I should probably let you in on what has brought on my ire, shouldn't I?

It's this:
KEITH OLBERMANN: Billo replied, "Yeah, I thought that they - basically, in the very beginning - should stuff every member of NBC News in that hole".

Maybe we should listen, Bill, because based on the Andrea Mackris lawsuit, I gather that you were the expert on unsuccessful attempts to stuff things into holes.
Whoa. That is a lot of misogyny in a very teeny tiny space!

First, there's the problem of exactly how the alleged sexual assault is framed here, ie: referring to a woman's vagina as a "hole". Problematic, for that whole "dehumanizing" aspect. Also, for separating the vagina from the woman, and vice versa.

But let's move right on the the part wherein Bill O'Reilly is subject to your derision not because he allegedly repeatedly sexually harassed a member of his staff, but because he didn't succeed in having sex with her.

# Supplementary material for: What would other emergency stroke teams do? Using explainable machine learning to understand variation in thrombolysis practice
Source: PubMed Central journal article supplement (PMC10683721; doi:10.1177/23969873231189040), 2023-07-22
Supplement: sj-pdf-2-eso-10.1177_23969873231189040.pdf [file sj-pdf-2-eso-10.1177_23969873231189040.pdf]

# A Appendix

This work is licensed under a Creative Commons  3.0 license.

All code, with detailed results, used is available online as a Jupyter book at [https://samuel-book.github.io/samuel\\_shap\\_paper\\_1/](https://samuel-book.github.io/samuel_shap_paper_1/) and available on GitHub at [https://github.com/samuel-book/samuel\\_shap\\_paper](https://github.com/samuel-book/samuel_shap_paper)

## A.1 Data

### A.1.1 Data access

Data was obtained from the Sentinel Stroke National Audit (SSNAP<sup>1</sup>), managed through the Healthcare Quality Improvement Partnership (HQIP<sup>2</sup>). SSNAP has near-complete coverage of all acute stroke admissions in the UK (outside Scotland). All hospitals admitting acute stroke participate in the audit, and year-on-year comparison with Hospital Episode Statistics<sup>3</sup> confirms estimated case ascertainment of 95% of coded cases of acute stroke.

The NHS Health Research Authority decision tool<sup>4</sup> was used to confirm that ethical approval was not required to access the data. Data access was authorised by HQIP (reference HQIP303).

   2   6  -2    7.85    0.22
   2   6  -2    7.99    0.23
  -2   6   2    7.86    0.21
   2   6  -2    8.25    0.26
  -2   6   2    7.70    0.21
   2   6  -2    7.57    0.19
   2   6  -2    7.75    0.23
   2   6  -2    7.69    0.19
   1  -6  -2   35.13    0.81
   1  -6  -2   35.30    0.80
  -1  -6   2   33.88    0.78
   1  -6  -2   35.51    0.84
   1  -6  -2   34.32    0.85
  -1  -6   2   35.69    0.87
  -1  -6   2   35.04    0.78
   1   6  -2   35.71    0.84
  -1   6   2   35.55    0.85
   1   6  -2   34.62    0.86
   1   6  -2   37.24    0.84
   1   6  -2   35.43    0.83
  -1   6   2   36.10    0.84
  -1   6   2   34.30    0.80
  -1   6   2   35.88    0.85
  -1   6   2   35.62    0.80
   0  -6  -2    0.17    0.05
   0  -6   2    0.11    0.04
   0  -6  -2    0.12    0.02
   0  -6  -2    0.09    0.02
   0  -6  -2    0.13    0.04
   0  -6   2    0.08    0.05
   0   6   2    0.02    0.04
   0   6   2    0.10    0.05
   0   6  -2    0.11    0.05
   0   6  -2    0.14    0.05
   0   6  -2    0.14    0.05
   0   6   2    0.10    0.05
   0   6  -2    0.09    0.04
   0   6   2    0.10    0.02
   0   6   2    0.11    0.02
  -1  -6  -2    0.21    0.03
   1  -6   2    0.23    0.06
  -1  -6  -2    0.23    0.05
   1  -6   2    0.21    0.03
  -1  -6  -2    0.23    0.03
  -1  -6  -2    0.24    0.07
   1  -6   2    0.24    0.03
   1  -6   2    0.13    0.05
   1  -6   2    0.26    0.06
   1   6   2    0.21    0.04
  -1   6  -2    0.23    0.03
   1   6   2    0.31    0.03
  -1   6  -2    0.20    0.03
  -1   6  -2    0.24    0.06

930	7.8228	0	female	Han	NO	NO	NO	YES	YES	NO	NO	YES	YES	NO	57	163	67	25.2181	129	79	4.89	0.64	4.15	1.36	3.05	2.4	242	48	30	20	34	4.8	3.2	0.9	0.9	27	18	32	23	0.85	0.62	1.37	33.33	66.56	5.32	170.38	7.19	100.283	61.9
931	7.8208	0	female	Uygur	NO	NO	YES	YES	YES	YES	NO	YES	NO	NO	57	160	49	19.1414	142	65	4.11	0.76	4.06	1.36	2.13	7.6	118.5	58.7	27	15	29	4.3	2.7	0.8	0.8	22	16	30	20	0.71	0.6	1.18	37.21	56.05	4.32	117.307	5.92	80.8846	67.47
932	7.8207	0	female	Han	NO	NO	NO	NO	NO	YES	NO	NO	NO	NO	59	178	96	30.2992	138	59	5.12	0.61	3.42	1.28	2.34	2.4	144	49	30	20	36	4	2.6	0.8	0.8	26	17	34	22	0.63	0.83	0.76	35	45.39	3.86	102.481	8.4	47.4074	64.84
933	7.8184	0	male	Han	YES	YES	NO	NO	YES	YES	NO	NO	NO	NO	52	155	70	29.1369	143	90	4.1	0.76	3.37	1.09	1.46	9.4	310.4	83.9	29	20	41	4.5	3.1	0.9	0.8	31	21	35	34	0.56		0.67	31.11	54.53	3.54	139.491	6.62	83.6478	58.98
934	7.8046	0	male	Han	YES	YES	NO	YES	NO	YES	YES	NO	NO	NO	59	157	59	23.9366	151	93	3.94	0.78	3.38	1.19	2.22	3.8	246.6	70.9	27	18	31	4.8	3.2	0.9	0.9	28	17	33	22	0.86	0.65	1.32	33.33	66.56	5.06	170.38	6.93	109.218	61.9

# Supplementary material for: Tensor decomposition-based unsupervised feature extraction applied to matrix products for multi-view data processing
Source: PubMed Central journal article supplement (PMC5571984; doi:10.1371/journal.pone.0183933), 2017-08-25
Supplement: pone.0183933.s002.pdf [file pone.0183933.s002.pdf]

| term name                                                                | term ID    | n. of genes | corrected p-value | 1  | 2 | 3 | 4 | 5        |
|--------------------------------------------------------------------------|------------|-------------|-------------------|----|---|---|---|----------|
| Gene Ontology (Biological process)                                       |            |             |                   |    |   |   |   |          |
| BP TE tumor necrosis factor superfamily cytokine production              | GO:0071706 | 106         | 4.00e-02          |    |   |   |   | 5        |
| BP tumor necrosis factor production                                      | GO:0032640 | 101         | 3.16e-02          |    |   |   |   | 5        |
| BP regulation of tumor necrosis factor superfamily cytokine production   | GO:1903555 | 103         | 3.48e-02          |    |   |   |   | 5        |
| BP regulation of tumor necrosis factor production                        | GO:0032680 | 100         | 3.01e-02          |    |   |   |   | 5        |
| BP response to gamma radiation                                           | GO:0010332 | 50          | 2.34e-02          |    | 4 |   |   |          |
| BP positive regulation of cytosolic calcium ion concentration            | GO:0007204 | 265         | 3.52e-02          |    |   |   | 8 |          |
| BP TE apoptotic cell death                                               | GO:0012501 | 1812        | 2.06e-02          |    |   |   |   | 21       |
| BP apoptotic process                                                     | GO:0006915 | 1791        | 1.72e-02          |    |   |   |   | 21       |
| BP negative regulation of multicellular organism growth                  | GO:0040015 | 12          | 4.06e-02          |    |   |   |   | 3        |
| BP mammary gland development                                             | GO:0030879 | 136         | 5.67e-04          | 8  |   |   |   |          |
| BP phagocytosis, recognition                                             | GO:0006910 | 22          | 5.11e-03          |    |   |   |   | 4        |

Seriously, no.

Let me spell this out for you: the problem is that O'Reilly allegedly repeatedly made sexual comments to someone who worked for him. O'Reilly should be derided and looked at as less of a human being because he did that. Not because he failed in his ultimate goal to loofah Mackris up.

You are mocking him as being less of a man because he didn't seal the deal. He isn't less of a man because of that. He is less of a worthwhile human being because he sexually harassed someone.

And for that, Keith Olbermann, you are Today's Worst Person.... IN THE WORLD!

Wednesday, May 5, 2010

Because You're a Woman